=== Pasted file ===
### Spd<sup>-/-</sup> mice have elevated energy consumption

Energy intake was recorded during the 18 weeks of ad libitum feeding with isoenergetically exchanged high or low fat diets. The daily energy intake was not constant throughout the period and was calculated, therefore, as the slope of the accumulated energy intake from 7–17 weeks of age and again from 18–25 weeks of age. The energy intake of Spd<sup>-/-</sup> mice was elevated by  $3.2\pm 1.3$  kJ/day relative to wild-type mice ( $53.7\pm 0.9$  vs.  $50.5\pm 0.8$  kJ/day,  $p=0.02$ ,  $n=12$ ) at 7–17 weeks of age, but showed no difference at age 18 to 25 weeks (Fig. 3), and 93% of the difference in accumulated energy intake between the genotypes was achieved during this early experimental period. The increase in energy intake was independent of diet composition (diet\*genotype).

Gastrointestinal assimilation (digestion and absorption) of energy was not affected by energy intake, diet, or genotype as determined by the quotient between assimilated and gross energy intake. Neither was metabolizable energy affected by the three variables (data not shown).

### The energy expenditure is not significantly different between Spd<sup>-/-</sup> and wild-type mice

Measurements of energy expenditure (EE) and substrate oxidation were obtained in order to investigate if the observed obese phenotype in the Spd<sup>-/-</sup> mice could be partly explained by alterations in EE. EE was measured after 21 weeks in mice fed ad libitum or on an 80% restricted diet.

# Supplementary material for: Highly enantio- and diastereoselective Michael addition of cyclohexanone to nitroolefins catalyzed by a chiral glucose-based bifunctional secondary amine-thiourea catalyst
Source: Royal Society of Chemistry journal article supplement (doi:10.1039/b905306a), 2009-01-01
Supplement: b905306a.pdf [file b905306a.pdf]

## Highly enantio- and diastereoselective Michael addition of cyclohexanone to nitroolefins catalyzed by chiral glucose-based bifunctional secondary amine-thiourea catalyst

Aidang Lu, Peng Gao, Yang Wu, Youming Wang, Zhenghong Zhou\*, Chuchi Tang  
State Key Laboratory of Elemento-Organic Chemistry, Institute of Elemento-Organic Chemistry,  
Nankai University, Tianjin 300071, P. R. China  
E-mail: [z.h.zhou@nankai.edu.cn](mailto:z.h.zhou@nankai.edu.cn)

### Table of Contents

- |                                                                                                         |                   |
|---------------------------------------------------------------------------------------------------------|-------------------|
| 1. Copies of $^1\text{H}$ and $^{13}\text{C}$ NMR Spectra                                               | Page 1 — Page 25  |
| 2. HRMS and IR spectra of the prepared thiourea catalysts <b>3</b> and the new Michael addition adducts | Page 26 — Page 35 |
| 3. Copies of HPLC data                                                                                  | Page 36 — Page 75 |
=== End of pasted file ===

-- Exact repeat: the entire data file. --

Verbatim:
### Spd<sup>-/-</sup> mice have elevated energy consumption

Energy intake was recorded during the 18 weeks of ad libitum feeding with isoenergetically exchanged high or low fat diets. The daily energy intake was not constant throughout the period and was calculated, therefore, as the slope of the accumulated energy intake from 7–17 weeks of age and again from 18–25 weeks of age. The energy intake of Spd<sup>-/-</sup> mice was elevated by  $3.2\pm 1.3$  kJ/day relative to wild-type mice ( $53.7\pm 0.9$  vs.  $50.5\pm 0.8$  kJ/day,  $p=0.02$ ,  $n=12$ ) at 7–17 weeks of age, but showed no difference at age 18 to 25 weeks (Fig. 3), and 93% of the difference in accumulated energy intake between the genotypes was achieved during this early experimental period. The increase in energy intake was independent of diet composition (diet\*genotype).

Gastrointestinal assimilation (digestion and absorption) of energy was not affected by energy intake, diet, or genotype as determined by the quotient between assimilated and gross energy intake. Neither was metabolizable energy affected by the three variables (data not shown).

### The energy expenditure is not significantly different between Spd<sup>-/-</sup> and wild-type mice

Measurements of energy expenditure (EE) and substrate oxidation were obtained in order to investigate if the observed obese phenotype in the Spd<sup>-/-</sup> mice could be partly explained by alterations in EE. EE was measured after 21 weeks in mice fed ad libitum or on an 80% restricted diet.

# Supplementary material for: Highly enantio- and diastereoselective Michael addition of cyclohexanone to nitroolefins catalyzed by a chiral glucose-based bifunctional secondary amine-thiourea catalyst
Source: Royal Society of Chemistry journal article supplement (doi:10.1039/b905306a), 2009-01-01
Supplement: b905306a.pdf [file b905306a.pdf]

## Highly enantio- and diastereoselective Michael addition of cyclohexanone to nitroolefins catalyzed by chiral glucose-based bifunctional secondary amine-thiourea catalyst

Aidang Lu, Peng Gao, Yang Wu, Youming Wang, Zhenghong Zhou\*, Chuchi Tang  
State Key Laboratory of Elemento-Organic Chemistry, Institute of Elemento-Organic Chemistry,  
Nankai University, Tianjin 300071, P. R. China  
E-mail: [z.h.zhou@nankai.edu.cn](mailto:z.h.zhou@nankai.edu.cn)

### Table of Contents

- |                                                                                                         |                   |
|---------------------------------------------------------------------------------------------------------|-------------------|
| 1. Copies of $^1\text{H}$ and $^{13}\text{C}$ NMR Spectra                                               | Page 1 — Page 25  |
| 2. HRMS and IR spectra of the prepared thiourea catalysts <b>3</b> and the new Michael addition adducts | Page 26 — Page 35 |
| 3. Copies of HPLC data                                                                                  | Page 36 — Page 75 |